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17 Comments

  • Joan Rosasco: I loved reading this, dear Victoria — several new books to search out — while I sit here waiting for the truck that will remove 13 cartons of books that I must sadly sacrifice to regain some floor space! Books are an eternal temptation. December 16, 2019 at 10:18am Reply

    • Victoria: Ah, the eternal struggle to regain floor space. I know what you mean! December 21, 2019 at 8:38pm Reply

  • JoDee: I never once considered reading a book by a polyglot to learn methods for language acquisition. What a wonderful idea! I will put Kató Lomb’s book on top of my reading list now. I can’t wait to learn from her and see how it improves my Spanish and French! December 16, 2019 at 12:56pm Reply

    • Karen A: Very fun! Thanks to your posts I found Italki, and now I’ve got two of the books listed above ordered. Looking forward to reading the Kató Lomb book for some tips to improve my language learning! Thanks!! December 16, 2019 at 6:03pm Reply

      • Victoria: Isn’t Italki great? You can also use it to do a language exchange, although I find their regular tutors to be more reliable (given Italki’s strict rules on cancellation or not showing up). December 21, 2019 at 8:42pm Reply

        • Karen A: It has been a game (language learning!) changer for me! December 22, 2019 at 1:54pm Reply

    • Victoria: From all that I’ve read, Lomb’s book was the most practical. Maybe because it fits with my own method of learning languages, which is focused on speaking and interacting as well as reading. December 21, 2019 at 8:40pm Reply

  • Toni: Thank you so much for writing about languages and sharing your book to tiles. I have been fond of languages since I was a small child and have always said that if I could have one “super power” it would be to speak any language that I heard so I could communicate with anyone. I am looking forward to reading these books. Thank you and happy holidays. December 16, 2019 at 3:21pm Reply

    • Victoria: That’s a really cool super power. What a precocious child you were. December 21, 2019 at 8:43pm Reply

  • Sandra: Thank you so much for these book recommendations V!
    I have been trying to study Italian, and so far it has been going really well thanks to your tips and insight.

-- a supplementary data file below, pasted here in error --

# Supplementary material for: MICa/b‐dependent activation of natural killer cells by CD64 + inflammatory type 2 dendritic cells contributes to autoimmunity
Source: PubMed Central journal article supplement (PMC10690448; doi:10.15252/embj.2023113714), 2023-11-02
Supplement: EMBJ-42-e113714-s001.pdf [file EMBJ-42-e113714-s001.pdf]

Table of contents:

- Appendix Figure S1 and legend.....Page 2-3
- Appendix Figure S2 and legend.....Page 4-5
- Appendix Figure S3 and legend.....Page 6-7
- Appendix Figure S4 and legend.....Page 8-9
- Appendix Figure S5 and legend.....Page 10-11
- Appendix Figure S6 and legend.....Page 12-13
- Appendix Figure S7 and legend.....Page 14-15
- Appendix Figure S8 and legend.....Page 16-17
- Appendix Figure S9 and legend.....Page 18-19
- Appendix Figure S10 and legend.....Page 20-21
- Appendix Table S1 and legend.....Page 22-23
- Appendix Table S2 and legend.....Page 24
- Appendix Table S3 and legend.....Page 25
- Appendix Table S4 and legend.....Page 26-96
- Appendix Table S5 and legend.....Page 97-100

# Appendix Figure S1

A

If anyone has any books to recommend for Italian I am all ears..
    Happy Holidays to you and yours. Ciao Bella! December 17, 2019 at 8:49am Reply

    • Victoria: Ciao Sara! Buon Natale a tutti voi.
      I have a book at home called La Bella Lingua about one woman’s quest to learn Italian. I read only a part of it and it seemed interesting, so maybe it’s something to look into. December 21, 2019 at 8:46pm Reply

      • Sandra: Ciao cara-
        I just looked up that book, and the author I actually saw about a month ago at the Italian Cultural Institute here in NYC..she was talking about La Passione (How Italy seduced the world). I didn’t read that book, or La Bella Lingua, and now I will put the ladder one on my list. Grazie & Buon Natale December 22, 2019 at 7:58am Reply

  • OnWingsofSaffron: Wonderful! I’ve downloaded two books, and am currently devouring Gaston Dorren’s, “Lingo”, a thoroughly enjoyable read, and am looking forward to “Empires of the Word” by Nicholas Ostler.
    Thanks, Victoria, for the tips! December 19, 2019 at 4:16pm Reply

    • Victoria: Lingo is an easy read, lighthearted, but it’s packed with fascinating info. I liked that he also covered some of the more unusual European languages. December 21, 2019 at 8:48pm Reply

  • Aurora: Of those I have read Speak, Memory which I enjoyed very much. He is a master and to think that English wasn’t his mother tongue, the same applies to Conrad. December 20, 2019 at 10:48am Reply

    • Victoria: Yes, it’s incredible! His Russian language novels are equally beautiful. December 21, 2019 at 8:48pm Reply

  • rainboweyes: Not strictly about learning languages but also highly interesting: “19 Ways of Looking at Wang Wei” – about the art of translation… December 25, 2019 at 10:31am Reply